Trump bars banks from buying Venezuela state bonds

U.S. sanctions Venezuelan president
U.S. sanctions Venezuelan president

The White House announced Friday that President Trump has signed an executive order imposing new sanctions on Venezuela.

The action bars U.S. citizens and banks from buying new bonds from the Venezuelan government or its state oil company Petroleos de Venezuela, or PDVSA. The order also limits the trading of some existing bonds that are owned by Venezuela's public sector.

"We will not stand by as Venezuela crumbles," the White House said in a statement.

The Treasury Department has already issued a wide range of sanctions against Venezuelan President Nicolas Maduro and his associates after he moved to consolidate power in July.

Related: Wall Street bank bans some Venezuelan bonds

Shortly thereafter, the U.S. Treasury Department froze all of Maduro's assets subject to U.S. jurisdiction and prohibited all U.S. citizens from dealing with him.

The goal of Friday's sanctions is to protect the U.S. financial system "from complicity in Venezuela's corruption and in the impoverishment of the Venezuelan people."

Venezuelans who oppose the regime argue that when banks buy the government's bonds, they extend a financial lifeline to a dictatorship.

Venezuela is currently in crisis. It has been rocked by street protests against Maduro's government, which has moved to consolidate power and silence the opposition. And the economy is spiraling out of control, with rampant inflation causing severe shortages of food and medicine for the nation's 30 million people.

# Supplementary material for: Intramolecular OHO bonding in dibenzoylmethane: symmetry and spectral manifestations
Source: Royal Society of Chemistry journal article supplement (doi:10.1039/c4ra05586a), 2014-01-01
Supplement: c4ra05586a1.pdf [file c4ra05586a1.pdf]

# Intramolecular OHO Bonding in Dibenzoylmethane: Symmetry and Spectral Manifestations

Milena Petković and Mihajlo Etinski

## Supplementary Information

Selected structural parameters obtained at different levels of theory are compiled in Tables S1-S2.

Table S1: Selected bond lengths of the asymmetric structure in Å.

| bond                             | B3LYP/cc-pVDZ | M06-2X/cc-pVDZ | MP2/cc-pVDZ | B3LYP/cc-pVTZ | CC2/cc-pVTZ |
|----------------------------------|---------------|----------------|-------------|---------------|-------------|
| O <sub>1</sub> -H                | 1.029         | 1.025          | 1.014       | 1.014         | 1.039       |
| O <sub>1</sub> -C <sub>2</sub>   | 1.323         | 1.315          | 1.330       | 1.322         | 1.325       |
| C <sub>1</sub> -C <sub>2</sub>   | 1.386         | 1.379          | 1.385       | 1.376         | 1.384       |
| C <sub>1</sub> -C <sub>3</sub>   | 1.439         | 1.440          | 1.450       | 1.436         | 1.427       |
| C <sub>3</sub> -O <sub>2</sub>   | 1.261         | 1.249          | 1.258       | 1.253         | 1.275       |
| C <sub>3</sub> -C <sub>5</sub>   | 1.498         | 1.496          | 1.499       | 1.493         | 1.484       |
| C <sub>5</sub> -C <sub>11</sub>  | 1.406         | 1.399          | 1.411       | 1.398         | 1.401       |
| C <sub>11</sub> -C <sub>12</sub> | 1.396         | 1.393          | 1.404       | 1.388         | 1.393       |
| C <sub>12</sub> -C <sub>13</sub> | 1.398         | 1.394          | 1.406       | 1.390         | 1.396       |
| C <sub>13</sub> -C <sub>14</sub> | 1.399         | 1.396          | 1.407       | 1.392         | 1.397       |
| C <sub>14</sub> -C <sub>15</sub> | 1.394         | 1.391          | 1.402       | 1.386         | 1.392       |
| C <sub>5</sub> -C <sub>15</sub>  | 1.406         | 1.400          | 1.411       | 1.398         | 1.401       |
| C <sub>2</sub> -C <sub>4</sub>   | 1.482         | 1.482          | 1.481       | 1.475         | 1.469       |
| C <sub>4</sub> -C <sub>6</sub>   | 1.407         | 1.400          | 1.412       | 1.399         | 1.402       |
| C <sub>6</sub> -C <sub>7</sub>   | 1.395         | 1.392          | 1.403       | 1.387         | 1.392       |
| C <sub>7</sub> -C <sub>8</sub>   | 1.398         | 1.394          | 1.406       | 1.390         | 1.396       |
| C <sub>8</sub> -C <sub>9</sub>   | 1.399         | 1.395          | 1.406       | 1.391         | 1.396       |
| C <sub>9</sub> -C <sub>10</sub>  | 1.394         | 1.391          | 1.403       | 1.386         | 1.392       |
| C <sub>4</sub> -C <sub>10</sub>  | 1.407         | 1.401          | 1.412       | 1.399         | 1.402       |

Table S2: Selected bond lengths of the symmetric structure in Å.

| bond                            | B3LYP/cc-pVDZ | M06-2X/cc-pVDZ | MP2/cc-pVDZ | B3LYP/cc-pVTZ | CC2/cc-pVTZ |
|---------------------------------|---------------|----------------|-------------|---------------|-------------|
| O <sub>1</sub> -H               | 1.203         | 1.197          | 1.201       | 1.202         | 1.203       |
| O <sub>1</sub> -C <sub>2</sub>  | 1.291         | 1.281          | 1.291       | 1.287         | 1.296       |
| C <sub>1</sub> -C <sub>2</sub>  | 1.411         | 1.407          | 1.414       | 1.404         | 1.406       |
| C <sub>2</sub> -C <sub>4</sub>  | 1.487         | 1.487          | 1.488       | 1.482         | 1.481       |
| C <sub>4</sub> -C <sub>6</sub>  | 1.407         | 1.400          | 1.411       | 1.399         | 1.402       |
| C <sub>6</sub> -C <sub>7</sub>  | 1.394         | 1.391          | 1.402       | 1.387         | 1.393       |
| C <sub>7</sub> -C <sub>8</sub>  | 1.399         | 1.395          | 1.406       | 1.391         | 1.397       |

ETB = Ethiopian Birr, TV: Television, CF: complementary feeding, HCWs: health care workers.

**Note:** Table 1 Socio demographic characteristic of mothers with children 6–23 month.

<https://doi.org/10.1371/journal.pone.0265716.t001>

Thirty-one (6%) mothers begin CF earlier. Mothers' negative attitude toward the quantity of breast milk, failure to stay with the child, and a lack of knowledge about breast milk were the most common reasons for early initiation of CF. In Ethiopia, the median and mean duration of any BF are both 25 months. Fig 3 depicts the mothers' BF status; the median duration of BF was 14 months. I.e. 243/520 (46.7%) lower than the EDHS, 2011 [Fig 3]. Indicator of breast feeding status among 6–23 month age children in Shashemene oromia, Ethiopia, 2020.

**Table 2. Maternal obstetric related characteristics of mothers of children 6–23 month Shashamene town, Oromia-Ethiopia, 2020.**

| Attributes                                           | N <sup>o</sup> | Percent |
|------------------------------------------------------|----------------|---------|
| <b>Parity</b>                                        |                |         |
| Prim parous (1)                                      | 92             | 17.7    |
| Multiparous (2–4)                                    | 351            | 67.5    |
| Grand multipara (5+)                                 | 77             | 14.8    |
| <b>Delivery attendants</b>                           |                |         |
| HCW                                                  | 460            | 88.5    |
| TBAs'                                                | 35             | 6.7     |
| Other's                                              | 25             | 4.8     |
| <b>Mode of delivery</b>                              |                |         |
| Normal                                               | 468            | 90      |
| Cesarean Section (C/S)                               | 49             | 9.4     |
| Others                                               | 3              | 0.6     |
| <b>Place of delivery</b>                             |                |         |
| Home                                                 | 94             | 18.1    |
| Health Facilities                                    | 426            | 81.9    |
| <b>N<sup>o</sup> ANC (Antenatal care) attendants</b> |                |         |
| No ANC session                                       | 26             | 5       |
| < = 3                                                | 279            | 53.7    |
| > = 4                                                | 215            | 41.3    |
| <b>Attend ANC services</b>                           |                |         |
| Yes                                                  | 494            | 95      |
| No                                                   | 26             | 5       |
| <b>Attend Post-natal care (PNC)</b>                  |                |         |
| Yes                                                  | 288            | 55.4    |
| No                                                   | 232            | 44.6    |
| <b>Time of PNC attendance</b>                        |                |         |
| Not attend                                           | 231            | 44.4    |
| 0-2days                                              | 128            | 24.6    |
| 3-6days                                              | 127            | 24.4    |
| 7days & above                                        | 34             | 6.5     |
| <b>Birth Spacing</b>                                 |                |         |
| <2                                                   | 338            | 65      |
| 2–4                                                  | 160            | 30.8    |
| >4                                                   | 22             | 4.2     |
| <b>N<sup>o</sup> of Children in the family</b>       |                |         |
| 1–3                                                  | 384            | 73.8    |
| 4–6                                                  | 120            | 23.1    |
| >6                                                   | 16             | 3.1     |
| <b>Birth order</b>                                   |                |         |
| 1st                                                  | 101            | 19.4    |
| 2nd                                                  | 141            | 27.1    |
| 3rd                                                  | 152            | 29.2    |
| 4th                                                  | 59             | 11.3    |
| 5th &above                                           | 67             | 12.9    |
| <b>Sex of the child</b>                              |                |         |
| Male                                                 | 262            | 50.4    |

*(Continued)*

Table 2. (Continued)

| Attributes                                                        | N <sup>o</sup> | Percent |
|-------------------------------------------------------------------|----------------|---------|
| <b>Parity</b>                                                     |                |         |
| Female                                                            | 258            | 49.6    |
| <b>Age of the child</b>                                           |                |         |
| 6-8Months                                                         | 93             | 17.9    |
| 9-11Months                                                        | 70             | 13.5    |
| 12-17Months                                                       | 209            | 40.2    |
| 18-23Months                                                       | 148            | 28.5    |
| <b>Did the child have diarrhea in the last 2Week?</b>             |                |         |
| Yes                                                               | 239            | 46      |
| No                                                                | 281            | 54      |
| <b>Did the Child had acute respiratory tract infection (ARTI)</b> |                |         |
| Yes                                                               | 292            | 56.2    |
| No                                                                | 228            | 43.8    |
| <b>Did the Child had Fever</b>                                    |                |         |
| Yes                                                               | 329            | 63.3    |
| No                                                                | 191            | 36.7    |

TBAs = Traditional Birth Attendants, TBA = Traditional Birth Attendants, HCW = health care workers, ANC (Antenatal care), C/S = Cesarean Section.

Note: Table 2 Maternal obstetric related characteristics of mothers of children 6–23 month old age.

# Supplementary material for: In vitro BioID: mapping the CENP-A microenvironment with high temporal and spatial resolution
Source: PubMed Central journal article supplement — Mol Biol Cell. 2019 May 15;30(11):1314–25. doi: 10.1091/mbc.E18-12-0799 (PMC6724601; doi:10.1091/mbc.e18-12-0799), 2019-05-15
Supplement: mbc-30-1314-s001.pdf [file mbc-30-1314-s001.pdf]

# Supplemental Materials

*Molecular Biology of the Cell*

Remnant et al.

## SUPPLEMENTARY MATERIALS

This is the fourth round of sanctions that the federal government has enacted against Venezuela.

"It's a strong message for the people of Venezuela and it's a strong message to Maduro," U.S. Ambassador to the United Nations Nikki Haley told reporters at a briefing.

Venezuela's foreign minister Jorge Arreaza condemned the sanctions in remarks made to press outside the United Nations building in New York.

"Maybe the United States is trying to create, to promote a humanitarian crisis in our country," he said. "The US wants to be authoritarian and govern Latin America," he added.

Haley said she had not been invited to speak with Arreaza when asked by CNN's Richard Roth.

Earlier this month, one bank -- Credit Suisse (CS) -- banned its bond traders from buying two specific Venezuelan bonds from the government and from PDVSA, citing the country's "political climate."

The move came after Goldman Sachs (GS) was criticized for buying Venezuelan government bonds in May.

Under the executive order, the Treasury Department can still issue waivers to allow some bond transactions to proceed.

Transactions involving only Citgo Petroleum, a U.S. subsidiary of Venezuela's PDVSA, are specifically exempt.

The group donated $500,000 to the president's inauguration committee in December.

Related: Crisis-ridden Venezuela gave $500K to Trump inauguration

On August 11, Trump told reporters that military recourse in Venezuela is on the table.

"We have many options for Venezuela. And by the way, I am not going to rule out a military option," he said.

The president's national security adviser, H.R. McMaster said at a press briefing on Friday that the president has asked him to evaluate all options, anticipating "further deterioration" of the situation.

But he walked back the possibility of military action.

"No military actions are anticipated in the near future," McMaster said.

Last month, Maduro's government held a vote to replace the opposition-controlled National Assembly with an entirely new legislature filled with his supporters. Social unrest and violent protests have left more than 120 dead.

-- CNNMoney's Patrick Gillespie contributed to this report.

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